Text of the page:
Monthly Archives: November 2013

Apple Pie Spice “Un-Popcorn”

thanksgiving popcornI can’t believe I’ve never managed to share this little gem of a holiday recipe with you. I will admit, I’ve made it several times already. You’ll have to forgive me for not doing so sooner.

You see, typically the Thanksgiving holiday is a whirlwind for me. I’m often working at the ol’ day job up until the Wednesday before, and we usually have around 20+ people to feed. I try to do as much advance preparation as possible, but it’s still a busy, busy holiday.

Let me tell you, when I finally sit down after dinner, the glass of wine I decide to enjoy is often the best glass of wine ever.

Somehow, in that whirlwind, I’ve never made this pre-dinner Thanksgiving snack far enough in advance to share. Well, friends, this year is your lucky year. I’ve made it already, and so I can share it with you.

But why “un-popcorn”?

Truthfully, I love popcorn. I don’t eat it often, but when I do, I thoroughly enjoy it. You can certainly make this with popcorn. But I have some family members that cannot tolerate corn products. For those family members, I have opted to make a popcorn alternative. I promise you, it’s just as satisfying as the real deal. What do I use?

Why, rice cakes, of course!

I’ve done it before, in this “granola“. Crumbled rice cakes make an excellent stand-in for popcorn. They’re light and airy, and hold up perfectly to the caramel-y topping. I’m a big fan of Lundberg’s rice cakes – they’re gluten-free and they have versions that are lightly salted, which are my preference for a recipe such as this. And no, I’m not paid to tell you that – I just like their products.

This “un-popcorn” is easy to make – just crumble rice cakes, and then simmer maple syrup and spices, pour, toss, and bake. The result is a sweet and salty, crunchy mixture that just feels like Thanksgiving, thanks to the cinnamon, nutmeg, and cardamom. The dried cranberries and walnuts definitely help out that Thanksgiving feel as well. My personal favorite, however, is the black pepper. It’s a perfect foil to the sweeter spices, and keeps it in that “appetizer” category and away from feeling too much like a dessert.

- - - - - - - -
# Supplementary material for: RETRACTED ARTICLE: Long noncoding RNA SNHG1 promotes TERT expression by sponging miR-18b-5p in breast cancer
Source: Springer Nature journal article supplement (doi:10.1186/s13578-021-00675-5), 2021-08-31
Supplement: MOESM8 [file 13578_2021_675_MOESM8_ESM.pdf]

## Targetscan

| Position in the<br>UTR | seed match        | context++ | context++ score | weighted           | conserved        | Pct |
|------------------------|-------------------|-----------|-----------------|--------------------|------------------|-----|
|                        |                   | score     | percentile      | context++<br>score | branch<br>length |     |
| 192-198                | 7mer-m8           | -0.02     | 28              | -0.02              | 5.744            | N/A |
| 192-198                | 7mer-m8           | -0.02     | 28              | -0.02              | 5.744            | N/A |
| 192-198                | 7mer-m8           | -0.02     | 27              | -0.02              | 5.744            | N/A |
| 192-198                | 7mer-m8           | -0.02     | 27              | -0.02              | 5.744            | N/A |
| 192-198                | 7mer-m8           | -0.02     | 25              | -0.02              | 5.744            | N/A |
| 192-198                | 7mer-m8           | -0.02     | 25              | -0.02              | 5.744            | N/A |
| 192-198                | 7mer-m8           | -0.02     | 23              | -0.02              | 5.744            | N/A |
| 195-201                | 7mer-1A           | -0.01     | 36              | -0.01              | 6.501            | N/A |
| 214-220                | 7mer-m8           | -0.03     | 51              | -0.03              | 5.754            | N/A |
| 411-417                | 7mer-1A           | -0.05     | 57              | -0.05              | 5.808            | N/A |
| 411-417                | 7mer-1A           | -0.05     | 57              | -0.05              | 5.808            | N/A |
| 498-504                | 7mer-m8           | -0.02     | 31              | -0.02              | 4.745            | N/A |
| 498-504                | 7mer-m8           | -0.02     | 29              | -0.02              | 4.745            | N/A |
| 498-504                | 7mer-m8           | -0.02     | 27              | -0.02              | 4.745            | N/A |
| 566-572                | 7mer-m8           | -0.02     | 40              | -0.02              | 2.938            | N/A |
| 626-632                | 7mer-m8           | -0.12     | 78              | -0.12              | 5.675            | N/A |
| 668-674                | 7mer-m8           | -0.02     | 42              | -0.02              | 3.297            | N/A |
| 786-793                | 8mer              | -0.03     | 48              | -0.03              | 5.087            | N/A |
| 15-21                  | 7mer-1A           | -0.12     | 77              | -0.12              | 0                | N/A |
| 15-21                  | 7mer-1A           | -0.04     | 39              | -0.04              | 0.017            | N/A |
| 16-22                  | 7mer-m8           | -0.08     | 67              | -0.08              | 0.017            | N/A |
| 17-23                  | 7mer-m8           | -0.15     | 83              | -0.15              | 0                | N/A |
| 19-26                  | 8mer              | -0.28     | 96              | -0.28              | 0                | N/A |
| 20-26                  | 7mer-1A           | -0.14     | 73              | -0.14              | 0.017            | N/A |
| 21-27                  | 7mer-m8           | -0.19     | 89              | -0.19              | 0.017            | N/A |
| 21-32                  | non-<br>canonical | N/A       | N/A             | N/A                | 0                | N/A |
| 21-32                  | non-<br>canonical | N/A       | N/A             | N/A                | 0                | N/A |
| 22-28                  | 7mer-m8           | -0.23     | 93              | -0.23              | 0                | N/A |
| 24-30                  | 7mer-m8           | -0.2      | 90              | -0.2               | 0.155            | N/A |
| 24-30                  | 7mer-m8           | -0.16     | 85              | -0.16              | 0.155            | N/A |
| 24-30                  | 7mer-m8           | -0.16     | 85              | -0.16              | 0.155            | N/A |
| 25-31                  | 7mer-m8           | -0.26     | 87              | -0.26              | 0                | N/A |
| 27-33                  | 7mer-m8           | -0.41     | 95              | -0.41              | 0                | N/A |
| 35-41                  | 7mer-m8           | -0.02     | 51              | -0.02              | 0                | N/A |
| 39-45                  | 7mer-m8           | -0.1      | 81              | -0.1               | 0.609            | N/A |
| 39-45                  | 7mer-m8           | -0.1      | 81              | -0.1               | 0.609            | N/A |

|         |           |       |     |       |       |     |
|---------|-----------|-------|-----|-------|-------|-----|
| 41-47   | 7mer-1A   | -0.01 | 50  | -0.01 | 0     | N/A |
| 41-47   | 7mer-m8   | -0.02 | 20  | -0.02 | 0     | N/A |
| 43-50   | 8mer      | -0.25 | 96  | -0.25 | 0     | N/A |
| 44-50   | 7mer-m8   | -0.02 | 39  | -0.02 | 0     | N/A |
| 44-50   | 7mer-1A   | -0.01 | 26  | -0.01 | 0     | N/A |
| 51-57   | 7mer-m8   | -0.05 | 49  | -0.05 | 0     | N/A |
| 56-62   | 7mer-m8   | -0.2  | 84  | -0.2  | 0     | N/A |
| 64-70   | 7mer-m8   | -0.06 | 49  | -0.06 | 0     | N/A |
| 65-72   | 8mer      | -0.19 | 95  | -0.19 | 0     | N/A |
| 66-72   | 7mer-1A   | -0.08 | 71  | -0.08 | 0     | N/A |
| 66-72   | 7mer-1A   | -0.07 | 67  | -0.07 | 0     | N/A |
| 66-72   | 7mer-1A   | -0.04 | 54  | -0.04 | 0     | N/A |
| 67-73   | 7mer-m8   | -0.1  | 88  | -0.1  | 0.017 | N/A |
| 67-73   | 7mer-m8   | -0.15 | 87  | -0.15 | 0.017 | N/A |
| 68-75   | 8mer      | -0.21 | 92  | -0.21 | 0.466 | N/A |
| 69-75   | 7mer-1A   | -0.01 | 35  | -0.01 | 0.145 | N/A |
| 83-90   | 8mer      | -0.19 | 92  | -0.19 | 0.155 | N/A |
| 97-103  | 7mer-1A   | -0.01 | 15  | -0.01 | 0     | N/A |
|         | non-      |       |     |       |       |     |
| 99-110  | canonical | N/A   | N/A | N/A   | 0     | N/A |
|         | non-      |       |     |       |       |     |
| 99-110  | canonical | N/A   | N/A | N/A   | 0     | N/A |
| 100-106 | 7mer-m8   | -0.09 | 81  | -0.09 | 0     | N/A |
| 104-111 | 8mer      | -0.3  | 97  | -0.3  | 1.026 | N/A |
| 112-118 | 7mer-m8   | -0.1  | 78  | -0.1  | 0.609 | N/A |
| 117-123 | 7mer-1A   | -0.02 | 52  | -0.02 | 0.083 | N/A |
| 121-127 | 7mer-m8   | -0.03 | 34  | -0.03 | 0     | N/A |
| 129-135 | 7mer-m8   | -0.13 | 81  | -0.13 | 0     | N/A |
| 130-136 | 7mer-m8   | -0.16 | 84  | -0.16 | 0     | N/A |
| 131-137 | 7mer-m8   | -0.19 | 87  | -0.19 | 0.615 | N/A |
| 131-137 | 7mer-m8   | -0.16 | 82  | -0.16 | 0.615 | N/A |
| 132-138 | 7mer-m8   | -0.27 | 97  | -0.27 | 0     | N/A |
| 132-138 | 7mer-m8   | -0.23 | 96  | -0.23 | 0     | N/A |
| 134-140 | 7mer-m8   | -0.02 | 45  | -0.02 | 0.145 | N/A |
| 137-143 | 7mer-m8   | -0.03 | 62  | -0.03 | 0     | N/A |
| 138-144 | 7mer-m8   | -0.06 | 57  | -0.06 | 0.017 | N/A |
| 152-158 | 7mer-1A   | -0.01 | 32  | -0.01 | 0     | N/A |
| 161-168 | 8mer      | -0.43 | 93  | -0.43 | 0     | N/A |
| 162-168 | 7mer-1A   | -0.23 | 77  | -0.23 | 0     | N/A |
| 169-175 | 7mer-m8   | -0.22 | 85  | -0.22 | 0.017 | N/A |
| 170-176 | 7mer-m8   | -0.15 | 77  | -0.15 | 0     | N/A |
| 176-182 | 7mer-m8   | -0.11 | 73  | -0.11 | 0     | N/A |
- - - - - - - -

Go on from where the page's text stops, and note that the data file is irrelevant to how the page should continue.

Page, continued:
Whether you make this with real popcorn or faux, I encourage you to add this to your Thanksgiving menu. It’ll keep the hungry masses at bay while you make the finishing touches to the big meal, and it’s very more-ish. I’m certain it’ll be a hit that will keep you coming back to it, year after year.

Print Recipe

Apple Pie Spice “Un-Popcorn” (gluten-free, vegan)

1 package Lundberg lightly salted rice cakes, crumbled

3/4 c chopped walnuts

1/2 c dried cranberries

2 T coconut oil

3/4 c maple syrup

1 t kosher salt

1/2 t freshly ground black pepper

1 t cinnamon

1/4 t ground cardamom

1/4 t ground nutmeg

Preheat oven to 325 degrees. Place the oven racks on the upper and lower thirds of the oven. Line 2 baking sheets with aluminum foil and grease the foil. Set aside.

In a large mixing bowl, add the crumbled rice cakes, walnuts, and dried cranberries and toss.

In a small saucepan over medium heat, bring the coconut oil, maple syrup, and salt to a boil. Add the black pepper, cinnamon, cardamom, and nutmeg and whisk in. Reduce to a simmer and allow to cook, stirring often, for 2 minutes. Remove from heat and allow to cool for 4-5 minutes. Pour over rice cake mixture and stir well, making sure everything is evenly coated.